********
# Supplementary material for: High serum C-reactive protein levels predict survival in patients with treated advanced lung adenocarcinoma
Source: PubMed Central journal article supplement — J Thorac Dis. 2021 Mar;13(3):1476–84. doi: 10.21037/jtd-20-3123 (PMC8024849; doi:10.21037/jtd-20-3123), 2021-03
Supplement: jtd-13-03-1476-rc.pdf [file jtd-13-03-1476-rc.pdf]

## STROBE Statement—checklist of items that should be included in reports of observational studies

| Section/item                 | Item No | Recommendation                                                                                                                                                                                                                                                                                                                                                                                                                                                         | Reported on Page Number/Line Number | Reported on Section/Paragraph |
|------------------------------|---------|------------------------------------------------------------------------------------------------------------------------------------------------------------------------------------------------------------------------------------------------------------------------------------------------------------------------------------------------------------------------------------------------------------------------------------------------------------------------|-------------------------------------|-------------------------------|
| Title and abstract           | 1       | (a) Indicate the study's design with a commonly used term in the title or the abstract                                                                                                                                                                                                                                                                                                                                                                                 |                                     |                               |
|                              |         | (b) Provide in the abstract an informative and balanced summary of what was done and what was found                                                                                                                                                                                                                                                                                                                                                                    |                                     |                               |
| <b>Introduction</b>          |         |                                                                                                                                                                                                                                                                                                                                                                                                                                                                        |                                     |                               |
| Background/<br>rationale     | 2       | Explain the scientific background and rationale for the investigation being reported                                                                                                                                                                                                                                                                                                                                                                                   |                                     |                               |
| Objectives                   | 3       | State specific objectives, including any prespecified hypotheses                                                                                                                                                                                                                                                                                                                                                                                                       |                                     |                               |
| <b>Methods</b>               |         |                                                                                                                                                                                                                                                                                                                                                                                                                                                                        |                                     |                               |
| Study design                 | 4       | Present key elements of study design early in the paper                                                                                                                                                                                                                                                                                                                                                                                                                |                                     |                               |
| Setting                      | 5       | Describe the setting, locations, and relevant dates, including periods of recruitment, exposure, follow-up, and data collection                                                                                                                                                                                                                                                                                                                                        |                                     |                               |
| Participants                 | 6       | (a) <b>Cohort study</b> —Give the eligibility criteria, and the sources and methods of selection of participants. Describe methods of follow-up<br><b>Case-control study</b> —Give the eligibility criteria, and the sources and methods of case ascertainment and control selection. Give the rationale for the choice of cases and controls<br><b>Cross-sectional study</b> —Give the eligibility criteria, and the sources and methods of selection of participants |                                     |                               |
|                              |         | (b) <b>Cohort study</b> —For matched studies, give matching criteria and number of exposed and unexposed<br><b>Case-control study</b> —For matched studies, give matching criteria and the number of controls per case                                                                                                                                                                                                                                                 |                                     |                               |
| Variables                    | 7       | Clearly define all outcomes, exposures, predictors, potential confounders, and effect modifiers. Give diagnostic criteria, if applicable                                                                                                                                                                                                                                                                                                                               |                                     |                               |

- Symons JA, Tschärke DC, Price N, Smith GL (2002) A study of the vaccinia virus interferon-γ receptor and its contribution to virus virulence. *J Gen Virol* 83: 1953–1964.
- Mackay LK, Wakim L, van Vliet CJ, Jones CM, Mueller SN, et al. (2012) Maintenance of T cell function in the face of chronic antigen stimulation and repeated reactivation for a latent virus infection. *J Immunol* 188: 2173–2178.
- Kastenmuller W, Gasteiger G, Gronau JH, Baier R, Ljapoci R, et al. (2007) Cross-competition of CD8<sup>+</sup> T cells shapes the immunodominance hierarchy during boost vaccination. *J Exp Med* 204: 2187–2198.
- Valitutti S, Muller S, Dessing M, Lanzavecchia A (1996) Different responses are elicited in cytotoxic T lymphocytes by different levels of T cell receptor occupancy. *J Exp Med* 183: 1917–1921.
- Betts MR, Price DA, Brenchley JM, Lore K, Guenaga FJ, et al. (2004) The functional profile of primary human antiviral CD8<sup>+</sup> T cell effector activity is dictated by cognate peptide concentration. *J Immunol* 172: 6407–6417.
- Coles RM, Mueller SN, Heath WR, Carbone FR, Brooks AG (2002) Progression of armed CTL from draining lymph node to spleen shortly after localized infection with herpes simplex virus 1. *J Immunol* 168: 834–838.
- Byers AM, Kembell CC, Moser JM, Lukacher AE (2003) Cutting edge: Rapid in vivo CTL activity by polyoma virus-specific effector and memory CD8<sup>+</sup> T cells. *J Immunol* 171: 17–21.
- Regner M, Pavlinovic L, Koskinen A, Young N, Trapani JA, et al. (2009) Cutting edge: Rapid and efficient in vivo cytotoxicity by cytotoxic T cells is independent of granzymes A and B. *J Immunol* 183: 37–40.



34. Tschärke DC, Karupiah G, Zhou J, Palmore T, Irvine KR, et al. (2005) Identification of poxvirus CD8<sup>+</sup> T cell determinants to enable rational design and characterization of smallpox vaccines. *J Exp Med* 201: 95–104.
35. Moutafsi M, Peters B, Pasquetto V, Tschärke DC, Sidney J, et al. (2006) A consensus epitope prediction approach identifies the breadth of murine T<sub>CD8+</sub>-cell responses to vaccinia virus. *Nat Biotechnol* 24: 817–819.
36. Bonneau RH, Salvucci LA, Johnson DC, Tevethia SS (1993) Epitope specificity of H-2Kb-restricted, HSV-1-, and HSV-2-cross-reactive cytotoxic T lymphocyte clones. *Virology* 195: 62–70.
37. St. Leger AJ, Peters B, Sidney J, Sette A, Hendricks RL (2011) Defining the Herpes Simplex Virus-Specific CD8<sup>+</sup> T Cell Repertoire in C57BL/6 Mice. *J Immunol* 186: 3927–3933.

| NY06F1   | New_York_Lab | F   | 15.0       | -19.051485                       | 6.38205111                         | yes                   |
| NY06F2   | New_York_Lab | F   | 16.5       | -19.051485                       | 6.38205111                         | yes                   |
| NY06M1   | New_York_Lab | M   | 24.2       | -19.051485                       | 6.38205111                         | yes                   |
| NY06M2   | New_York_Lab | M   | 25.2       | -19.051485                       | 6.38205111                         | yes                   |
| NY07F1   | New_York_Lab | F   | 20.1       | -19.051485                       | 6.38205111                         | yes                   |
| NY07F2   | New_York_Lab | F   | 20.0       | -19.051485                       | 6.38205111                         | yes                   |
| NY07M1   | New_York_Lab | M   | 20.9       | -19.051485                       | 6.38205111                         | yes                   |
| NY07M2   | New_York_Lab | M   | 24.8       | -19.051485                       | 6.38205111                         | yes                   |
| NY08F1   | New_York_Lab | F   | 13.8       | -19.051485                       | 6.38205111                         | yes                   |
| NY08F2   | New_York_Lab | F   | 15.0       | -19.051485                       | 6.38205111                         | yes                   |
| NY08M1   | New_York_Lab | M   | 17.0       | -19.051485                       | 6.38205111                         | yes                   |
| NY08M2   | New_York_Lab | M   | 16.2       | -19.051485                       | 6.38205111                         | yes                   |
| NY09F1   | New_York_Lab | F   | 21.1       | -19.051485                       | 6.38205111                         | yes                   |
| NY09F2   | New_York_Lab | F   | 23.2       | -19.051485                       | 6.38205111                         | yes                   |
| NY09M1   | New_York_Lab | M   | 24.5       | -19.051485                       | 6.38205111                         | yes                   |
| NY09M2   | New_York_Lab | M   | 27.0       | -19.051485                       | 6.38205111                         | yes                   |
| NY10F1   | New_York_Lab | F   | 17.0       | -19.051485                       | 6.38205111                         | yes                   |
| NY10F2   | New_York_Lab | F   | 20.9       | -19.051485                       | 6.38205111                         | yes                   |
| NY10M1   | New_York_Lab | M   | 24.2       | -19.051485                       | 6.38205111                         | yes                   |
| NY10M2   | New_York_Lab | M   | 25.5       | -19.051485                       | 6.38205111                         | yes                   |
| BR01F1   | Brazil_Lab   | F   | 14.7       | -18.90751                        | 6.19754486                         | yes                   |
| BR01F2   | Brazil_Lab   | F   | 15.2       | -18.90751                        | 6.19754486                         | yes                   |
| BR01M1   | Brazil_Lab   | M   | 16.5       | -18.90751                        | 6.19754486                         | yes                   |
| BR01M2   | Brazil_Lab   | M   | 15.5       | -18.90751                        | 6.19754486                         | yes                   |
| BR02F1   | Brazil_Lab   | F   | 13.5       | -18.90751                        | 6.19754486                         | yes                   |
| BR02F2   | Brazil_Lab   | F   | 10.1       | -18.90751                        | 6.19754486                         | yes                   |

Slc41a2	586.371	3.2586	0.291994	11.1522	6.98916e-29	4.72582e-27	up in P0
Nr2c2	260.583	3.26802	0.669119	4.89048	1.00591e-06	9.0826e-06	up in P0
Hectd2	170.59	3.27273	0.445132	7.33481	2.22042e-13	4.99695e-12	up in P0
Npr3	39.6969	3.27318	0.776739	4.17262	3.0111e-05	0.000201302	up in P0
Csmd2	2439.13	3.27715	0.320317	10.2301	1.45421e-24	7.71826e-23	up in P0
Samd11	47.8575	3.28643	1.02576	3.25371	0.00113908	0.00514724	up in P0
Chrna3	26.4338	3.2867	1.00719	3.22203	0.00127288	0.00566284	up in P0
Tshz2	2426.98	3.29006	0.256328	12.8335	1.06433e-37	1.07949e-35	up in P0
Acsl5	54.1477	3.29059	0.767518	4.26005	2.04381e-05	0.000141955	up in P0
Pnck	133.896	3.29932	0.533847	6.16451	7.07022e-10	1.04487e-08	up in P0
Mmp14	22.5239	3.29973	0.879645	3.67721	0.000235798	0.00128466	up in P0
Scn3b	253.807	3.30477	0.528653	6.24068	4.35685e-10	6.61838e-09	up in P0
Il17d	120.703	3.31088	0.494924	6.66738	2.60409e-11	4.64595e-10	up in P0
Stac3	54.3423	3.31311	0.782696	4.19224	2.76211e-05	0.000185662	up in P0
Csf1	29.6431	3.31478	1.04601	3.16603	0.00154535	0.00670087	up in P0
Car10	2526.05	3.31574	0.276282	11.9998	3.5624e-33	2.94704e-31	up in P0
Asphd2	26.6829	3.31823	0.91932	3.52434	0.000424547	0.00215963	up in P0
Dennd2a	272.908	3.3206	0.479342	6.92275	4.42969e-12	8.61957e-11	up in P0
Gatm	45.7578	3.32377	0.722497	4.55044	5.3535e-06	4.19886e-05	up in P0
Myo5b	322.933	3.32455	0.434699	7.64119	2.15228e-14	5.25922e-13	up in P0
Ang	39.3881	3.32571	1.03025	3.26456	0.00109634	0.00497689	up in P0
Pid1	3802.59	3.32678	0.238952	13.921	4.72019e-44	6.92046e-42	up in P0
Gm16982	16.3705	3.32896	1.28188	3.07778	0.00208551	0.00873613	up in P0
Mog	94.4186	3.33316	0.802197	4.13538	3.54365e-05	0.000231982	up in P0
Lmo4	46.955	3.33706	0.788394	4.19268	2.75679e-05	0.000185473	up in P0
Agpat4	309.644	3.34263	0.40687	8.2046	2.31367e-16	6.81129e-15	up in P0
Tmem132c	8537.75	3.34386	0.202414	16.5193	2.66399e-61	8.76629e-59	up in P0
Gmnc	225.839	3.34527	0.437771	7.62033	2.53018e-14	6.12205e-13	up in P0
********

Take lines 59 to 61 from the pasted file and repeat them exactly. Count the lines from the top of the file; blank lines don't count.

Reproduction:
Npr3	39.6969	3.27318	0.776739	4.17262	3.0111e-05	0.000201302	up in P0
Csmd2	2439.13	3.27715	0.320317	10.2301	1.45421e-24	7.71826e-23	up in P0
Samd11	47.8575	3.28643	1.02576	3.25371	0.00113908	0.00514724	up in P0